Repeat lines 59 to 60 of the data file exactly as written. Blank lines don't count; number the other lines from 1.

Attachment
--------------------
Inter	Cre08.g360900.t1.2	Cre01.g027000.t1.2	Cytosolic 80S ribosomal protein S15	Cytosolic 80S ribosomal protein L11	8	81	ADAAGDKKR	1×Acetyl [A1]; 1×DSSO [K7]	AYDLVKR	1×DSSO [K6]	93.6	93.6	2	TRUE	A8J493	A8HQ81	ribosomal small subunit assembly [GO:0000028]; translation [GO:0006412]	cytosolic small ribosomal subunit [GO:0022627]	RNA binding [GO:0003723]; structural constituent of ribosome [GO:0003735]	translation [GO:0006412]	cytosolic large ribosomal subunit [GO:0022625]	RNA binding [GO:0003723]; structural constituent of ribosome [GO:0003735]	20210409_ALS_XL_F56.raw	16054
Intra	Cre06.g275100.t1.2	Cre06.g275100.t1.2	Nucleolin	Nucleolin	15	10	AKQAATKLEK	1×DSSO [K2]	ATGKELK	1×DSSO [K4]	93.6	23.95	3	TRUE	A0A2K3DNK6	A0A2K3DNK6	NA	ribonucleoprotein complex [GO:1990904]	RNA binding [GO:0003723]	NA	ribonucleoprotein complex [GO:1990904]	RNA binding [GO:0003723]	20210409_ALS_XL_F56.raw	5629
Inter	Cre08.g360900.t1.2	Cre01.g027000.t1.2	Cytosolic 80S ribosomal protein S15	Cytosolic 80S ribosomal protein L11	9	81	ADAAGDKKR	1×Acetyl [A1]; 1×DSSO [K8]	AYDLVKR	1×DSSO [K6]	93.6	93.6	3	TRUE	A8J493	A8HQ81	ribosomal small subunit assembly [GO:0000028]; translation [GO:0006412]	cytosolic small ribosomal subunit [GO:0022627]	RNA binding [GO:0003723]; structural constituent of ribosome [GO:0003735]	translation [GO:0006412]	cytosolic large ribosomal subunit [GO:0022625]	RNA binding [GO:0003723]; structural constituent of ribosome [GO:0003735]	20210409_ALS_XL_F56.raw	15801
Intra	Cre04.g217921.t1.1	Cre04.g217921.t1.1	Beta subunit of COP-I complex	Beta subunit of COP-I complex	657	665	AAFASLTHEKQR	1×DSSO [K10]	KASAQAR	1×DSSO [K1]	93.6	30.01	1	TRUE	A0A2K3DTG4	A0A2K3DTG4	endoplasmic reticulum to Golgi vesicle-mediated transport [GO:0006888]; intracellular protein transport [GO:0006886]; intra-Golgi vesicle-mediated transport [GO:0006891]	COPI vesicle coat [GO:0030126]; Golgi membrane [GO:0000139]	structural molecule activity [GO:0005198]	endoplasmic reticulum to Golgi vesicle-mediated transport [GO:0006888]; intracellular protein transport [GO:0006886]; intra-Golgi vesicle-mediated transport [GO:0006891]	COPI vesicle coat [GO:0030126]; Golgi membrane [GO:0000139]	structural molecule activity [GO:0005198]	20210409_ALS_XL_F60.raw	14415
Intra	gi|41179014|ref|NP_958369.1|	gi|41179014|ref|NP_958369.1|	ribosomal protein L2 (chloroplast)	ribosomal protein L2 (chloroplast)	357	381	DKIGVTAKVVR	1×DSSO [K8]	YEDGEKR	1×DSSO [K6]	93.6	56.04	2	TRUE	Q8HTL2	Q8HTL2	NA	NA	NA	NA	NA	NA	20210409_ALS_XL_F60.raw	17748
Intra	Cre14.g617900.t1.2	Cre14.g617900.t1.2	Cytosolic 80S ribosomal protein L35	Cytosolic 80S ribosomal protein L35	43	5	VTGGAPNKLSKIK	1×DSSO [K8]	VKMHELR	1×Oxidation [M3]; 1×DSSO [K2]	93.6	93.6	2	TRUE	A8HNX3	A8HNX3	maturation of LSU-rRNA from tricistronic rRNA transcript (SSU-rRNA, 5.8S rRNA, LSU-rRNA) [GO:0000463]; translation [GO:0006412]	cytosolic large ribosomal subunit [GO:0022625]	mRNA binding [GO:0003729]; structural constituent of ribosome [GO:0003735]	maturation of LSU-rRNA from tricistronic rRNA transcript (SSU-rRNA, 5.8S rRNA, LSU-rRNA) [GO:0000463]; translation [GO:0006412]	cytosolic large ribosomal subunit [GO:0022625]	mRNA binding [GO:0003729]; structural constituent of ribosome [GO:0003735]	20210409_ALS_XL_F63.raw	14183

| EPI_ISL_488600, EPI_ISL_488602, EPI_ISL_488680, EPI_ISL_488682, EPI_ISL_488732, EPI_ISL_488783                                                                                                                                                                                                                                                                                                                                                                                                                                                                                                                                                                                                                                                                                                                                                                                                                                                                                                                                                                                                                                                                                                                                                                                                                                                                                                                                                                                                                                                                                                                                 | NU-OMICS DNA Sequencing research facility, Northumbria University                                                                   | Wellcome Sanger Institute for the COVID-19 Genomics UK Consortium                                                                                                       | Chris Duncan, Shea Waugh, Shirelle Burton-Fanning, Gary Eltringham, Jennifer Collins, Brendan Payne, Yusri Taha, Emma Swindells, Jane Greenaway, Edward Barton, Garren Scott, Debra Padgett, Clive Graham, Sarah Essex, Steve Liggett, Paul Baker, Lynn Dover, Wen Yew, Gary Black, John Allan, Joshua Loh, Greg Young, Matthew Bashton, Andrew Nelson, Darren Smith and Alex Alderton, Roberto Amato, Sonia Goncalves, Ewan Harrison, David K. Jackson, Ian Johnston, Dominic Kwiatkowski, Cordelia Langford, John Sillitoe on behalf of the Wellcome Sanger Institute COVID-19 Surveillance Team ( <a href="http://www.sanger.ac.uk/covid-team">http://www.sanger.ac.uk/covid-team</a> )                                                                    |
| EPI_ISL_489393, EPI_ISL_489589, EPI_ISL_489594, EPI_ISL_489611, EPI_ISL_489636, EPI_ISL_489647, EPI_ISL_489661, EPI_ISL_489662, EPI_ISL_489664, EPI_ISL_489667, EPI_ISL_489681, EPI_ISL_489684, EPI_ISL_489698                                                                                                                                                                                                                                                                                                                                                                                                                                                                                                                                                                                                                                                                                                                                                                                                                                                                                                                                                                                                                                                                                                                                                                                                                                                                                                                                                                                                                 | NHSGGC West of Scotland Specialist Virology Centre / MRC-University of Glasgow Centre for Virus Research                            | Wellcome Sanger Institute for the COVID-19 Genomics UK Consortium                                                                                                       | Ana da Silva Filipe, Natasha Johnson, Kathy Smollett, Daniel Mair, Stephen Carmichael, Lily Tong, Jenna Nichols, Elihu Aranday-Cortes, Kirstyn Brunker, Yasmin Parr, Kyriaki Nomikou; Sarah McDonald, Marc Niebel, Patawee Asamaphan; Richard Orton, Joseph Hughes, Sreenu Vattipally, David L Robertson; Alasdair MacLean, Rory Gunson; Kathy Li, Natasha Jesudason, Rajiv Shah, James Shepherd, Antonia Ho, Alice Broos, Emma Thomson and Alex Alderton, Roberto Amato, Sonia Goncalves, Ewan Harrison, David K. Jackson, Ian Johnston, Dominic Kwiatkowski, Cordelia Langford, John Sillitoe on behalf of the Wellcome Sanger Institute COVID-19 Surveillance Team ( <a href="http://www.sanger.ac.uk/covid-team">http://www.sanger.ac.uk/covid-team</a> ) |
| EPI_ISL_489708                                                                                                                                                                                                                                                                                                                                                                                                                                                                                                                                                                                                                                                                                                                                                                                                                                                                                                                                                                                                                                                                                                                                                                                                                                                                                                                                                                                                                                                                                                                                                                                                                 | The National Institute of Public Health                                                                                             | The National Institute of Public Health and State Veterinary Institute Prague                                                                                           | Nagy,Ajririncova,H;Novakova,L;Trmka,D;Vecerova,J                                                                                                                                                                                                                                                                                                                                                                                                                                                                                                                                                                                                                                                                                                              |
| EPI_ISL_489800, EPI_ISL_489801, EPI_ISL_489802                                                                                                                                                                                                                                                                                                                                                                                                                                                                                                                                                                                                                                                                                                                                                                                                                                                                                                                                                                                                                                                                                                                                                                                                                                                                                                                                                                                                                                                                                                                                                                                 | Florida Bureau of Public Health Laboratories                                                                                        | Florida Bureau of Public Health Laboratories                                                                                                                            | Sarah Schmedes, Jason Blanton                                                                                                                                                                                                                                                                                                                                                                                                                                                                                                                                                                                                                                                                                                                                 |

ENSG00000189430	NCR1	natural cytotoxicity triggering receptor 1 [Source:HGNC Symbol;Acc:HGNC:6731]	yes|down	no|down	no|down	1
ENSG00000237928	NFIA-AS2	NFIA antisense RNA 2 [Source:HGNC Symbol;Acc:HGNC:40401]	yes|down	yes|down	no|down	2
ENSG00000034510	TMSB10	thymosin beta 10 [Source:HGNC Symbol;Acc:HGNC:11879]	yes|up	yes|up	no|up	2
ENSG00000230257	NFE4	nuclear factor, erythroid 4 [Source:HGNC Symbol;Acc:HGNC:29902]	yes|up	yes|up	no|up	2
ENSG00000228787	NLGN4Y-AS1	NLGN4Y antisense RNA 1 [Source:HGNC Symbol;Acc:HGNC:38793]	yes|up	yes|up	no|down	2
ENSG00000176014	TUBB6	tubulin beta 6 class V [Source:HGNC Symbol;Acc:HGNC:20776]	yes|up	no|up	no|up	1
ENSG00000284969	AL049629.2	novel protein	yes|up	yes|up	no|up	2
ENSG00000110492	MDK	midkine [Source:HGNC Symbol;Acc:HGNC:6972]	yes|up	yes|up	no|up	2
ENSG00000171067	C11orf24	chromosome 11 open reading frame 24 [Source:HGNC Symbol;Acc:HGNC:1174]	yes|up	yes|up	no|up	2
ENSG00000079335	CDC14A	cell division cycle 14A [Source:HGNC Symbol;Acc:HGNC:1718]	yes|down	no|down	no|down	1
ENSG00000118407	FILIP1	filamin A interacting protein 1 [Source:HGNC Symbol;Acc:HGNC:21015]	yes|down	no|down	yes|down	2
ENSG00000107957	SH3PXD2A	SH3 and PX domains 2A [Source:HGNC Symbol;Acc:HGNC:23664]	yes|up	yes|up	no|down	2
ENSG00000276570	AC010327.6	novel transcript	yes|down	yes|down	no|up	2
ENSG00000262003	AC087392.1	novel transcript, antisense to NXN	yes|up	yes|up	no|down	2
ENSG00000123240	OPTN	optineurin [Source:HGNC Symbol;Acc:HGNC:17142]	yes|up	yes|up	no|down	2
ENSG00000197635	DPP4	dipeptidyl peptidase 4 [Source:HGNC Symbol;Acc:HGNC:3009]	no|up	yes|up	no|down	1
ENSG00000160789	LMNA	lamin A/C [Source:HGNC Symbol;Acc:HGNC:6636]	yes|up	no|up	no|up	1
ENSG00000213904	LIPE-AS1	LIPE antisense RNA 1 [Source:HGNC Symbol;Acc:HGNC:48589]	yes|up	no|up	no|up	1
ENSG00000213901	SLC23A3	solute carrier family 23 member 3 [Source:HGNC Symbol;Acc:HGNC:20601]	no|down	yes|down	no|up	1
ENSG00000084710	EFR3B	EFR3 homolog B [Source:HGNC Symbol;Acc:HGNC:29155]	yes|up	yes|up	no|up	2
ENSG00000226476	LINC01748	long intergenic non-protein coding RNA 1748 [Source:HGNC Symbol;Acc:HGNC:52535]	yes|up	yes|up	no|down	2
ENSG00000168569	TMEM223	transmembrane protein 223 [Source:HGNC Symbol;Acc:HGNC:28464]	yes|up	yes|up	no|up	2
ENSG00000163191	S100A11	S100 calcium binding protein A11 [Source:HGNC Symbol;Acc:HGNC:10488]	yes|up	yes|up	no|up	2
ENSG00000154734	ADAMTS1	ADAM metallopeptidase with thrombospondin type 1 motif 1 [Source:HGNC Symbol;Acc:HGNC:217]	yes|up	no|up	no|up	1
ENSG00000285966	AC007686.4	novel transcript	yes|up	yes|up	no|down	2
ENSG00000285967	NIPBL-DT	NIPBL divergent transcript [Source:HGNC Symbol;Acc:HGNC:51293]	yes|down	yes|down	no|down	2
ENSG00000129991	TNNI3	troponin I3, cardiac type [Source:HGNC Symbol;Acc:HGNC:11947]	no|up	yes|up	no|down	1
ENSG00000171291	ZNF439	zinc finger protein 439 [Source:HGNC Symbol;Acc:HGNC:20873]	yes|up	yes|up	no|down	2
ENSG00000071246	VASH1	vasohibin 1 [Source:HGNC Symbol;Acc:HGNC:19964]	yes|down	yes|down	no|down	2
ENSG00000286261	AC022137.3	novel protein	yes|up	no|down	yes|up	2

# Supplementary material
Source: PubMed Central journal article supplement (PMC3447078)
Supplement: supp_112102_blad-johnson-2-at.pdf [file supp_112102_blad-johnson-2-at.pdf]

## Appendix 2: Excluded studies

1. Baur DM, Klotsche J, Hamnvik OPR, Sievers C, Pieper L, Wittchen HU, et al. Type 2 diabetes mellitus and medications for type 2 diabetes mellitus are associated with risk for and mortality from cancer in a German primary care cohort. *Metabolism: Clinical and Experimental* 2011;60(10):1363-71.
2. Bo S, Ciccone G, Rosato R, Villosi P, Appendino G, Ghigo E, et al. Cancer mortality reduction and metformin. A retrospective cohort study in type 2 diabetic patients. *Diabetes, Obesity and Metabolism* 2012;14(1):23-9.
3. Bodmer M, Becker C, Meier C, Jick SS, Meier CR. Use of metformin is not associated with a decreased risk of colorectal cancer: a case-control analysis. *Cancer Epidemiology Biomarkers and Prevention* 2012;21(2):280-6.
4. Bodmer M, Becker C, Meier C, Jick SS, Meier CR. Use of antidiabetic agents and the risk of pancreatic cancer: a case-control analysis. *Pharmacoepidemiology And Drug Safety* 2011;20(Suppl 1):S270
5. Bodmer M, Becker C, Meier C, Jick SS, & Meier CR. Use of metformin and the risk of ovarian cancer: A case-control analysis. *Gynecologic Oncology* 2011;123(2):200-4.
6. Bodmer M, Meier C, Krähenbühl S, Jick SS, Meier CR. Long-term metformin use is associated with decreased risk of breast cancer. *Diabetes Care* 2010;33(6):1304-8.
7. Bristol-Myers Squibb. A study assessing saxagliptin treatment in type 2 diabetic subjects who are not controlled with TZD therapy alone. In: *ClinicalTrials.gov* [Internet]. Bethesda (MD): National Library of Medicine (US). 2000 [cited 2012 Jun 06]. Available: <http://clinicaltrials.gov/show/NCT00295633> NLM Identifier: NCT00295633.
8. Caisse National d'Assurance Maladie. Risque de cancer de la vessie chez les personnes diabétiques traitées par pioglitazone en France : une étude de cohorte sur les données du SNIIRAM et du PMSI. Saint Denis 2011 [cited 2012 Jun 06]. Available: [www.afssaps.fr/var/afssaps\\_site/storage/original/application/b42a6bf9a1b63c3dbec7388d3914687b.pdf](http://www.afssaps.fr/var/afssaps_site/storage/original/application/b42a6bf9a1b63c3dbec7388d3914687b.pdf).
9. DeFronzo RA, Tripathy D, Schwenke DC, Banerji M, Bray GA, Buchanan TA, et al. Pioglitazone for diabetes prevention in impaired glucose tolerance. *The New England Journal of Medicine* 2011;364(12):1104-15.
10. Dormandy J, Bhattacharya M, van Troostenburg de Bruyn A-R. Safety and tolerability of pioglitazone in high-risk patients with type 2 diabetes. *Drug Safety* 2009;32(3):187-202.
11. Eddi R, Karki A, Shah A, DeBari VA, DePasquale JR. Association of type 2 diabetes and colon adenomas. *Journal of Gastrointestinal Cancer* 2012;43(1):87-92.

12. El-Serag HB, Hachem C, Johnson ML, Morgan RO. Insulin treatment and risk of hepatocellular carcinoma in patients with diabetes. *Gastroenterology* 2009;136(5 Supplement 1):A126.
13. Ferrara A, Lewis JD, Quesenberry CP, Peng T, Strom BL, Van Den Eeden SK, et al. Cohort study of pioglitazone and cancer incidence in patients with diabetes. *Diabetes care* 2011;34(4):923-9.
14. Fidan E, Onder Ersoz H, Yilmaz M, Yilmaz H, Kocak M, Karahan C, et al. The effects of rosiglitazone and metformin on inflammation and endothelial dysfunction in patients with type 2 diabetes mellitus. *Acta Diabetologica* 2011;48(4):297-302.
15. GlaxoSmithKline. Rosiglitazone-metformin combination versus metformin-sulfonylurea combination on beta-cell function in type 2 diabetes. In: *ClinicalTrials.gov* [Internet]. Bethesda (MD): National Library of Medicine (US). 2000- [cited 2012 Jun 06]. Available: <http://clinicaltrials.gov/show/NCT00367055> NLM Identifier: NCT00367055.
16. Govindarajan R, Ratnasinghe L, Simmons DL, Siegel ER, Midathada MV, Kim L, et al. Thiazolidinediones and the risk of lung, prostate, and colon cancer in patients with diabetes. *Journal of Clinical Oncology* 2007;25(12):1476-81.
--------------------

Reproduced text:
15. GlaxoSmithKline. Rosiglitazone-metformin combination versus metformin-sulfonylurea combination on beta-cell function in type 2 diabetes. In: *ClinicalTrials.gov* [Internet]. Bethesda (MD): National Library of Medicine (US). 2000- [cited 2012 Jun 06]. Available: <http://clinicaltrials.gov/show/NCT00367055> NLM Identifier: NCT00367055.
16. Govindarajan R, Ratnasinghe L, Simmons DL, Siegel ER, Midathada MV, Kim L, et al. Thiazolidinediones and the risk of lung, prostate, and colon cancer in patients with diabetes. *Journal of Clinical Oncology* 2007;25(12):1476-81.